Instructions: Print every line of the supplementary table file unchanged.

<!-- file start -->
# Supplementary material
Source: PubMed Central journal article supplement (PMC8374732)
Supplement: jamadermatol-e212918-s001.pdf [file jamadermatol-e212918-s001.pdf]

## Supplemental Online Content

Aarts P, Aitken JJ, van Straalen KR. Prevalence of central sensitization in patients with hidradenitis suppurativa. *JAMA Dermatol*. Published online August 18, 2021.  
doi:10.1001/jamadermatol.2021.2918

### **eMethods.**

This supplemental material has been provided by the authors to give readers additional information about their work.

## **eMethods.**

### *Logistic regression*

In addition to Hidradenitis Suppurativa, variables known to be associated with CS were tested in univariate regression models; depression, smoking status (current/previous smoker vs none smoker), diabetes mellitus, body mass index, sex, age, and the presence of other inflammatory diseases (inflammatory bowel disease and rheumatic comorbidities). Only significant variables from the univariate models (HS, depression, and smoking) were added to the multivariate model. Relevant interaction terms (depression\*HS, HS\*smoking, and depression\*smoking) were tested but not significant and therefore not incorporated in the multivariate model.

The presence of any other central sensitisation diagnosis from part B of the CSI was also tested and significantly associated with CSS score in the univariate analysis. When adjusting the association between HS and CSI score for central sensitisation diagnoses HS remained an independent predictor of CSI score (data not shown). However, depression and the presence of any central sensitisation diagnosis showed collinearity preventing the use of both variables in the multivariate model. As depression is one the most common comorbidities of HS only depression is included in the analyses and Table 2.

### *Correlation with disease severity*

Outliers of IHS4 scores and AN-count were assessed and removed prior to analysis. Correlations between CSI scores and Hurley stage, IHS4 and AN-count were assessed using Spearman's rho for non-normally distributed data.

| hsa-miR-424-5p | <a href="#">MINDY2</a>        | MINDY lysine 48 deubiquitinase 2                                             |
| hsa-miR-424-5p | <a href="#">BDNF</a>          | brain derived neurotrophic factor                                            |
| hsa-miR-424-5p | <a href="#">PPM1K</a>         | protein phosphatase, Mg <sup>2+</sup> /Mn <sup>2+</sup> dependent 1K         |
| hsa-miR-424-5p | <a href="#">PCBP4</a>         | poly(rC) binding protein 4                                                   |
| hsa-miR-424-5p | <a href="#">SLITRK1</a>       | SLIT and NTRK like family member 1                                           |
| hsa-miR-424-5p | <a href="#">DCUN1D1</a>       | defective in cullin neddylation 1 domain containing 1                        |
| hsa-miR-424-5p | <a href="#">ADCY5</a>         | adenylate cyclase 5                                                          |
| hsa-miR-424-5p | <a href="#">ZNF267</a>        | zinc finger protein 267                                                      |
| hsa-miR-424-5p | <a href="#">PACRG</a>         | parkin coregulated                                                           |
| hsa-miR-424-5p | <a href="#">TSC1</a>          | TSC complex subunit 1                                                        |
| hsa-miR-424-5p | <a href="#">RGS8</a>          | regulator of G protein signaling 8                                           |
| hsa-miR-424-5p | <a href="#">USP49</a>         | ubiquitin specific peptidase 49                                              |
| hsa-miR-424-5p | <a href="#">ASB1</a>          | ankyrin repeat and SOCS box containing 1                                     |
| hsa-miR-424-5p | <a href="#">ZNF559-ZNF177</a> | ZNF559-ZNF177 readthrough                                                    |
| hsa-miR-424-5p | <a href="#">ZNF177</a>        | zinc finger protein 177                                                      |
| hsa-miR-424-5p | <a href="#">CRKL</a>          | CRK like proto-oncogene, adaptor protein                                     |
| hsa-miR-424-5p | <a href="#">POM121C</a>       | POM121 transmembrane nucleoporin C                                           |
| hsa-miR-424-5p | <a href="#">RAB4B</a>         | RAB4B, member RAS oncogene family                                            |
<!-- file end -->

# Supplementary material
Source: PubMed Central journal article supplement (PMC8374732)
Supplement: jamadermatol-e212918-s001.pdf [file jamadermatol-e212918-s001.pdf]

## Supplemental Online Content

Aarts P, Aitken JJ, van Straalen KR. Prevalence of central sensitization in patients with hidradenitis suppurativa. *JAMA Dermatol*. Published online August 18, 2021.  
doi:10.1001/jamadermatol.2021.2918

### **eMethods.**

This supplemental material has been provided by the authors to give readers additional information about their work.

## **eMethods.**

### *Logistic regression*

In addition to Hidradenitis Suppurativa, variables known to be associated with CS were tested in univariate regression models; depression, smoking status (current/previous smoker vs none smoker), diabetes mellitus, body mass index, sex, age, and the presence of other inflammatory diseases (inflammatory bowel disease and rheumatic comorbidities). Only significant variables from the univariate models (HS, depression, and smoking) were added to the multivariate model. Relevant interaction terms (depression\*HS, HS\*smoking, and depression\*smoking) were tested but not significant and therefore not incorporated in the multivariate model.

The presence of any other central sensitisation diagnosis from part B of the CSI was also tested and significantly associated with CSS score in the univariate analysis. When adjusting the association between HS and CSI score for central sensitisation diagnoses HS remained an independent predictor of CSI score (data not shown). However, depression and the presence of any central sensitisation diagnosis showed collinearity preventing the use of both variables in the multivariate model. As depression is one the most common comorbidities of HS only depression is included in the analyses and Table 2.

### *Correlation with disease severity*

Outliers of IHS4 scores and AN-count were assessed and removed prior to analysis. Correlations between CSI scores and Hurley stage, IHS4 and AN-count were assessed using Spearman's rho for non-normally distributed data.

| hsa-miR-424-5p | <a href="#">MINDY2</a>        | MINDY lysine 48 deubiquitinase 2                                             |
| hsa-miR-424-5p | <a href="#">BDNF</a>          | brain derived neurotrophic factor                                            |
| hsa-miR-424-5p | <a href="#">PPM1K</a>         | protein phosphatase, Mg <sup>2+</sup> /Mn <sup>2+</sup> dependent 1K         |
| hsa-miR-424-5p | <a href="#">PCBP4</a>         | poly(rC) binding protein 4                                                   |
| hsa-miR-424-5p | <a href="#">SLITRK1</a>       | SLIT and NTRK like family member 1                                           |
| hsa-miR-424-5p | <a href="#">DCUN1D1</a>       | defective in cullin neddylation 1 domain containing 1                        |
| hsa-miR-424-5p | <a href="#">ADCY5</a>         | adenylate cyclase 5                                                          |
| hsa-miR-424-5p | <a href="#">ZNF267</a>        | zinc finger protein 267                                                      |
| hsa-miR-424-5p | <a href="#">PACRG</a>         | parkin coregulated                                                           |
| hsa-miR-424-5p | <a href="#">TSC1</a>          | TSC complex subunit 1                                                        |
| hsa-miR-424-5p | <a href="#">RGS8</a>          | regulator of G protein signaling 8                                           |
| hsa-miR-424-5p | <a href="#">USP49</a>         | ubiquitin specific peptidase 49                                              |
| hsa-miR-424-5p | <a href="#">ASB1</a>          | ankyrin repeat and SOCS box containing 1                                     |
| hsa-miR-424-5p | <a href="#">ZNF559-ZNF177</a> | ZNF559-ZNF177 readthrough                                                    |
| hsa-miR-424-5p | <a href="#">ZNF177</a>        | zinc finger protein 177                                                      |
| hsa-miR-424-5p | <a href="#">CRKL</a>          | CRK like proto-oncogene, adaptor protein                                     |
| hsa-miR-424-5p | <a href="#">POM121C</a>       | POM121 transmembrane nucleoporin C                                           |
| hsa-miR-424-5p | <a href="#">RAB4B</a>         | RAB4B, member RAS oncogene family                                            |